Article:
29 August 2013


In front of our terrace house in Taman Sri Minang, there are trees in the park. On Monday night, dinner eaten, the children watching Japanese cartoons in the background, I sat out under the awning, filled my pipe, and smoked. The pipe comes and goes in life: I smoked when I was completing my PhD thesis, in angry walks down by the river across the football pitch from the Stuart Hall Building. This fit of smoking, over the last two months, began while Yoko and the kids were away, when I bought tobacco in Suria, the glossy mall in KLCC. RM22, a kind of selfish treat, I thought at the time.

After the sunset, but before the final call to prayer, the atmosphere is perfect — the streetlamp in front of the house casting a third-world light that you notice when you first arrive in the country, but becomes normal the more you are in it. I looked up at the tree and thought about how long it had been there — was it older than me?

On Tuesday, Naomi and I will go again to her new school for orientation and on Wednesday she will start, and I am dreading this. Another change in an unending series of changes, although Yoko assures me that if we, her parents, are okay, she will be okay. This won't be the case in three years time, when she is ten, but for now we can control it and make it okay. I want to believe this, but I have doubts. Her life has been in non-stop flux, new friends and languages. How does anyone remain happy throughout these changes: I map my own insecurity on her experience. Perhaps being a child is easier.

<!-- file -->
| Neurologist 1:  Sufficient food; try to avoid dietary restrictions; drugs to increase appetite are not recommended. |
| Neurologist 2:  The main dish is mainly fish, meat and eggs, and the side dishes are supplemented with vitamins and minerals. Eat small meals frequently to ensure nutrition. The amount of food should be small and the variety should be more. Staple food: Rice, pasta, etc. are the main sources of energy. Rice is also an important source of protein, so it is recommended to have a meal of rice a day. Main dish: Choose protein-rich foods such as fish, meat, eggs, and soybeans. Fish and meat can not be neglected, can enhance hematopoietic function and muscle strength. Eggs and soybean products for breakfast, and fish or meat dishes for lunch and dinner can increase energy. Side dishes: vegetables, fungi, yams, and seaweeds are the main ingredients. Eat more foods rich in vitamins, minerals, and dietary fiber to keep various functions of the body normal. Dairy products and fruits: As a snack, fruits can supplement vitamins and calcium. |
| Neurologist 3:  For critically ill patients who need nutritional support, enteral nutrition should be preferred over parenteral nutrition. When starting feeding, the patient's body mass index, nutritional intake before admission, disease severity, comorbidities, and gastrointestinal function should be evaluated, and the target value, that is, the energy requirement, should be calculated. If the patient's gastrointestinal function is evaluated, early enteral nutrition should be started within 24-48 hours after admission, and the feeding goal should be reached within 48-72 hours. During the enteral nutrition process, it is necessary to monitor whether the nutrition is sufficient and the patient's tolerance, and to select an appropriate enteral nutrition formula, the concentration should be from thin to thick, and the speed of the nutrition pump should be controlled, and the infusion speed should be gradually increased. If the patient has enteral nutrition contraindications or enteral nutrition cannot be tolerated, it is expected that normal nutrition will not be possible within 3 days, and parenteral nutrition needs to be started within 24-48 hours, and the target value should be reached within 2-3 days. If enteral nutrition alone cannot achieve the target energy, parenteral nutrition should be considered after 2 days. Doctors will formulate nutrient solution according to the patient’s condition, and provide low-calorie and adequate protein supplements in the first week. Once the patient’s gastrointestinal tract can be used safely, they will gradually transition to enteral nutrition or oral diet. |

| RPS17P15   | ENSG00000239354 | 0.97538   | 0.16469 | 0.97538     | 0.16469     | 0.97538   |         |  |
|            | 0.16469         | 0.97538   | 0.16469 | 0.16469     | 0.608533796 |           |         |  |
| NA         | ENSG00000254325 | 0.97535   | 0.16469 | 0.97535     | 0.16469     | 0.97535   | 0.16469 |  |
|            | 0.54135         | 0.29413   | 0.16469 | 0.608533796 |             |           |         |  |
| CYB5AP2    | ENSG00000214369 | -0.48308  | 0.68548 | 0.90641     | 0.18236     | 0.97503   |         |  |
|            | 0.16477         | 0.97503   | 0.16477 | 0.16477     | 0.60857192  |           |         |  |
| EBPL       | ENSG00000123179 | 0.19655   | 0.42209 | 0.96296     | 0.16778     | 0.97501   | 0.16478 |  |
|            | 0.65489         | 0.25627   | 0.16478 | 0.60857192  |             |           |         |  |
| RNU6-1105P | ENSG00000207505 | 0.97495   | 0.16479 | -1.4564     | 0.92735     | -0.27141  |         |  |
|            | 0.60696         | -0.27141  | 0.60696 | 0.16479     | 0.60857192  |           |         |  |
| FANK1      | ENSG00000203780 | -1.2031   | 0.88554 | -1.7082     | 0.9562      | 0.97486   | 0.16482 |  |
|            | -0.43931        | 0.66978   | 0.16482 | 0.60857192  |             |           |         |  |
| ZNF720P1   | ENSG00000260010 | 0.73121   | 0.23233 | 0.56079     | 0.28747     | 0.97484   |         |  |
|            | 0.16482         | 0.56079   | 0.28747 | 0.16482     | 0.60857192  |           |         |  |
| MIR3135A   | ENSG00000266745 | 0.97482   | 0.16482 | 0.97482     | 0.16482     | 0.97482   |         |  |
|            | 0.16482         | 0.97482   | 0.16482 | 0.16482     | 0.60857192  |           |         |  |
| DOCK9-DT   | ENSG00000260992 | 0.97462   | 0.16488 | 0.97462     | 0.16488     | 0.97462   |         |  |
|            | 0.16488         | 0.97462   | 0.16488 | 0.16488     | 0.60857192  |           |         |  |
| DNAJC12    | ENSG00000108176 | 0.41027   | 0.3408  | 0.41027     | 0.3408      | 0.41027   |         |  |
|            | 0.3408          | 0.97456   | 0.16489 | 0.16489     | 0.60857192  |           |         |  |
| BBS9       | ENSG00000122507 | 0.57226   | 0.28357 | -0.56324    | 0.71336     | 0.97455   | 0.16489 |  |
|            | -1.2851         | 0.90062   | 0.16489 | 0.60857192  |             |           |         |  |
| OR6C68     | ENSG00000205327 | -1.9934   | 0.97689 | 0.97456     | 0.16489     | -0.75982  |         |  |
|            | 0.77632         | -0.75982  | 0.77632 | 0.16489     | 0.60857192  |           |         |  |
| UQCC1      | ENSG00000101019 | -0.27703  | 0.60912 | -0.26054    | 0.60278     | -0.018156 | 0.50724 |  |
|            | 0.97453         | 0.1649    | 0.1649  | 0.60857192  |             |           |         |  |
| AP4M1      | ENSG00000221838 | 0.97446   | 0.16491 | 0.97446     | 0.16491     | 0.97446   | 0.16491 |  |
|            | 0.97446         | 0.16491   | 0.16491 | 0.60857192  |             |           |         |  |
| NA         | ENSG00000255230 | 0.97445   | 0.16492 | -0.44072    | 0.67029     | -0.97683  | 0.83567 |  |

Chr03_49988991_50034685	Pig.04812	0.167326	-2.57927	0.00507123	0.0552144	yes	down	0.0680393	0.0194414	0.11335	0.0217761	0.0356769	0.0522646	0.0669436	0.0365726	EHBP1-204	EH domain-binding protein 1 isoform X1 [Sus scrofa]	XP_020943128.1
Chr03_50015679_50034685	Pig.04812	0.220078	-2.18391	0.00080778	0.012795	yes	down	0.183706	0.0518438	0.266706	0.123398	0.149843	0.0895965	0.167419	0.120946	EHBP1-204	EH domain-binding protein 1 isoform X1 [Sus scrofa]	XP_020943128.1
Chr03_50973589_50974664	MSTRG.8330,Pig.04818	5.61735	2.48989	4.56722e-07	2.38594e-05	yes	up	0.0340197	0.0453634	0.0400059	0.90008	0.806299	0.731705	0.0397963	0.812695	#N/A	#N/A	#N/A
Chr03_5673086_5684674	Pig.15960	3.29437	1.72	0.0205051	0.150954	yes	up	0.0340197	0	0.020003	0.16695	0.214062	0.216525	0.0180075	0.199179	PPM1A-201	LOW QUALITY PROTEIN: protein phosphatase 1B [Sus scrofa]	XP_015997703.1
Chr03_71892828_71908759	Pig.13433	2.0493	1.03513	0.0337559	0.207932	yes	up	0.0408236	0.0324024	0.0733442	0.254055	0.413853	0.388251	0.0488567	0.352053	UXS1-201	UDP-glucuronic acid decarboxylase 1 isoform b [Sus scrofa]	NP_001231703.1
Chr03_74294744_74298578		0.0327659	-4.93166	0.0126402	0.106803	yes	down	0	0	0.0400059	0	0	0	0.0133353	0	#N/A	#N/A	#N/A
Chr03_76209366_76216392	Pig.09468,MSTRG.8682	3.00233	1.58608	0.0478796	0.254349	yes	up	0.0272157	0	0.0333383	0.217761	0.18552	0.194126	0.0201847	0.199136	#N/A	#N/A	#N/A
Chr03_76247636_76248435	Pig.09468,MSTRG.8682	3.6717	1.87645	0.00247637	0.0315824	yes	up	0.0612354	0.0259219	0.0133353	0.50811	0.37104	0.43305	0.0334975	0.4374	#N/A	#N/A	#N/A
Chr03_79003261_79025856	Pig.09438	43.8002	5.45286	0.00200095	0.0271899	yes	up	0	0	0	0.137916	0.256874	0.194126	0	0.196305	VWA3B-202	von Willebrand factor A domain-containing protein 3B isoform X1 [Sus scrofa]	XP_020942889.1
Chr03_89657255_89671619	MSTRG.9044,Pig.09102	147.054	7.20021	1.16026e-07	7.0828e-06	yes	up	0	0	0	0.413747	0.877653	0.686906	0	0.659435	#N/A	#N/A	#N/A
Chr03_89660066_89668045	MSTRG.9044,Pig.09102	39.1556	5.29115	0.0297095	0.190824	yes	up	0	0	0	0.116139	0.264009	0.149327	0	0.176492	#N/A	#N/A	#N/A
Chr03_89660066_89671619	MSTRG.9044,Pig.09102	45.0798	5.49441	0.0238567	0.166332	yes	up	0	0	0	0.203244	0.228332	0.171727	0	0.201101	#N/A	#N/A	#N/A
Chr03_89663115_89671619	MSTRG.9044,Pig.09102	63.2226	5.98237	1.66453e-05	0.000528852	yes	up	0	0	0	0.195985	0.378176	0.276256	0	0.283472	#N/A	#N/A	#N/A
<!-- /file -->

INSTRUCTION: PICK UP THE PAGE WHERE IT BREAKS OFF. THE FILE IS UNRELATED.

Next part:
Security: a kind of half truth to our children about how the world really is.

After riding my motorbike on Tuesday, being liberated, I was brought down quickly. I passed an accident on the road home and remembered one thing about riding the bike I hadn't fully realised: the ride in to work was much easier than the ride out. A half circle of people around a mangled Yamaha Wave — a police car with lights on. No one was dead, from what I could tell, but an omen among good portents stands out.

I dread dragging my daughter back to the school again, but what needs to be done, needs to be done. Have I learned anything in the last eight months: it's worth asking that question outloud. I ask it all the time in my head, when I'm sending the children up to go to bed, or walking out to lock the gate, or waiting for the bus. Put this all in context for me.

All this talk of the moment around me now; just live the moment, don't pull anything close or push anything away. Cross-legged on the concrete in front of the house, for a moment, the peace that passes understanding, the peace of being present in the moment, the past and future forgotten, came upon me. Bathed in light and smoke, looking up. Yes, I see, I have a glimpse. There is nothing to do but be here.